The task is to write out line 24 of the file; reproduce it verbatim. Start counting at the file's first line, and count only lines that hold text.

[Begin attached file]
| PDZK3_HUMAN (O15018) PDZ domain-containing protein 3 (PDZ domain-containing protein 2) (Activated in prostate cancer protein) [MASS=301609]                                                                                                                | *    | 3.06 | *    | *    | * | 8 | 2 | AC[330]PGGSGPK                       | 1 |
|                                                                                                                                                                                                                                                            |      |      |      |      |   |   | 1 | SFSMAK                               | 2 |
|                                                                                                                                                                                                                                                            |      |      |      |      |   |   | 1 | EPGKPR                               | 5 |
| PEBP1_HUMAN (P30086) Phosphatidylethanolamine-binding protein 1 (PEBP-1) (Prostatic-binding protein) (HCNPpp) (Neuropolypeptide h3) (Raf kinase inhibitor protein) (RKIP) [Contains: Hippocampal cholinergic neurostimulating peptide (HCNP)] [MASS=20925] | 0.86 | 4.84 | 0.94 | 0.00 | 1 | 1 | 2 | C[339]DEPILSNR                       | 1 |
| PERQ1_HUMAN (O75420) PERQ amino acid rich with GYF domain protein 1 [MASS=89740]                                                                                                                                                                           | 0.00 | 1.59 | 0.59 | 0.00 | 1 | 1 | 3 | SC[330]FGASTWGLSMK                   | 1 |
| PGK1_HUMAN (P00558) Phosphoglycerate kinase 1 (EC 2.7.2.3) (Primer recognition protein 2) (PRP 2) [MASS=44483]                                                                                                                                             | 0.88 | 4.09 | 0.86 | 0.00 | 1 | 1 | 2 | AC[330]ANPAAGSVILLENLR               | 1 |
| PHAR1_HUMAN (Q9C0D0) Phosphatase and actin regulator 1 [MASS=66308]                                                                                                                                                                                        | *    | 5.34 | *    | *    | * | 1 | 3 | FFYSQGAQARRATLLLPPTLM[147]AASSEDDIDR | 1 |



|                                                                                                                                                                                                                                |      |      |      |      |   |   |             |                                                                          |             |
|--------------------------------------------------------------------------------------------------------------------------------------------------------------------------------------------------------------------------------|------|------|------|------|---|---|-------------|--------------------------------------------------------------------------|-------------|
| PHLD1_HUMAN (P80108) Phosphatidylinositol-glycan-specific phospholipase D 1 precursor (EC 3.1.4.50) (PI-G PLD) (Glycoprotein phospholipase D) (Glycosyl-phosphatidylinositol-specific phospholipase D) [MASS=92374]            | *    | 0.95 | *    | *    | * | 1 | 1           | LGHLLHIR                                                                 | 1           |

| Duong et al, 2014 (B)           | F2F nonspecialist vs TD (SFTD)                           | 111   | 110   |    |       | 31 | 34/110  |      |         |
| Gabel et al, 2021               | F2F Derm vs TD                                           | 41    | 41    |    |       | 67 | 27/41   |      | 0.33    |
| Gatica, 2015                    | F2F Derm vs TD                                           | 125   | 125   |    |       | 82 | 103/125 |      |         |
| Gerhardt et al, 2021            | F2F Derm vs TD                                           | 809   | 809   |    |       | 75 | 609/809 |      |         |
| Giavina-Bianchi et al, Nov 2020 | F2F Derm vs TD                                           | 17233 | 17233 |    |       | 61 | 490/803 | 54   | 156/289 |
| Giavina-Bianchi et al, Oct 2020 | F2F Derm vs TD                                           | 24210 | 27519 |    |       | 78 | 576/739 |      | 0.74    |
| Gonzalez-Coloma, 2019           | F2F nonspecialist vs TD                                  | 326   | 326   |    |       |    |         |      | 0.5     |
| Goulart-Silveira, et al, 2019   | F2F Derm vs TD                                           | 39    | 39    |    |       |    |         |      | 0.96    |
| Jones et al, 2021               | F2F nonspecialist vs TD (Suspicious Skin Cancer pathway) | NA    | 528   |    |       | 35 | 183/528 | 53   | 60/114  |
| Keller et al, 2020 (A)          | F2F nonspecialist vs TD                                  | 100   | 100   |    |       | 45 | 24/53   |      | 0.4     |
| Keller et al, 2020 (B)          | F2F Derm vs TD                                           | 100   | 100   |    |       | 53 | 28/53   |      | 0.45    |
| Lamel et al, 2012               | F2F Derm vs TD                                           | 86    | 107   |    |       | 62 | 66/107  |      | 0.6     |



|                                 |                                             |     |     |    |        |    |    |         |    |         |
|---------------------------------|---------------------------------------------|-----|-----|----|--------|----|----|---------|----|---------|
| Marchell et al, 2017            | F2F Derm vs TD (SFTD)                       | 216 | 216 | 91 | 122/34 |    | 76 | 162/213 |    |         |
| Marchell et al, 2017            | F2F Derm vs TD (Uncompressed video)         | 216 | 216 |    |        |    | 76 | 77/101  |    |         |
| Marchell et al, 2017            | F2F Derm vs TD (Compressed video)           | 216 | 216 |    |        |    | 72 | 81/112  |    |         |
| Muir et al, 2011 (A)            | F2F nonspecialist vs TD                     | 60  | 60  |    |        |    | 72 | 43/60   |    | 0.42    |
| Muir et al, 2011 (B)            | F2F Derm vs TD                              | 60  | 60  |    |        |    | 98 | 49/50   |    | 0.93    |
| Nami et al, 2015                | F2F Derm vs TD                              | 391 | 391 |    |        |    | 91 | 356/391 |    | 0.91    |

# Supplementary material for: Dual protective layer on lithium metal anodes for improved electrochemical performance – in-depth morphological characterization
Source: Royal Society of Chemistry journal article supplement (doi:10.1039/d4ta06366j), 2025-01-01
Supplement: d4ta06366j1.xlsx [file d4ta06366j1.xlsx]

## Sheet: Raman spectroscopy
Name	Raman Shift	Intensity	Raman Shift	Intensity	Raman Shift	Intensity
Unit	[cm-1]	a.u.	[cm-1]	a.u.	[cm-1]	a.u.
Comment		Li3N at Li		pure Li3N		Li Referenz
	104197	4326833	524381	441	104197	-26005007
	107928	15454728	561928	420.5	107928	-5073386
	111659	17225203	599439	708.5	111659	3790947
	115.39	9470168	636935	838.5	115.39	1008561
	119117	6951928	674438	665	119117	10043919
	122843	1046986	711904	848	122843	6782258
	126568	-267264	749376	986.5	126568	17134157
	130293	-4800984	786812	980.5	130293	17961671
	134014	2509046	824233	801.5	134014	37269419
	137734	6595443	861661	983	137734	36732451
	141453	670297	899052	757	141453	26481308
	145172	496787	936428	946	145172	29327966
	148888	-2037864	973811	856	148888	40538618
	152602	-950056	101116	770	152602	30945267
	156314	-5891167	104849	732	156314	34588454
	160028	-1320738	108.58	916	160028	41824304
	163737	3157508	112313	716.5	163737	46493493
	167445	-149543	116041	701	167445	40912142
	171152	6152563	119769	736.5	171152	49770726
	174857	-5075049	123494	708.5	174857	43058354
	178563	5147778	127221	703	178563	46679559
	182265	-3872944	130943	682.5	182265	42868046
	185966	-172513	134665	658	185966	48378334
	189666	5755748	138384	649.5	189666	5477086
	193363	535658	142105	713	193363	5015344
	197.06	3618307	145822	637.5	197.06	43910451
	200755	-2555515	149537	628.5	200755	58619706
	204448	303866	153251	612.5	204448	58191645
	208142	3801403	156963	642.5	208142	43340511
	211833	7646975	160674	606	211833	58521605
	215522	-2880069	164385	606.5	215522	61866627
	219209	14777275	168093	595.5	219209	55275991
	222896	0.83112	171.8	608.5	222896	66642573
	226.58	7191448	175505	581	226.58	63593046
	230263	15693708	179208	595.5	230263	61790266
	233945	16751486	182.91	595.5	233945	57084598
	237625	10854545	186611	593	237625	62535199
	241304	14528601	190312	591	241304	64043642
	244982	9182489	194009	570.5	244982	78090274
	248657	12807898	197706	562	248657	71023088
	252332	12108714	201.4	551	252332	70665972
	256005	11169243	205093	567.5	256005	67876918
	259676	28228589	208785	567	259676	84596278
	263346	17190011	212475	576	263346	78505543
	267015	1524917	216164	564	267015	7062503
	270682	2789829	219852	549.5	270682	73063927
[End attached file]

|---------------------------------|---------------------------------------------|-----|-----|----|--------|----|----|---------|----|---------|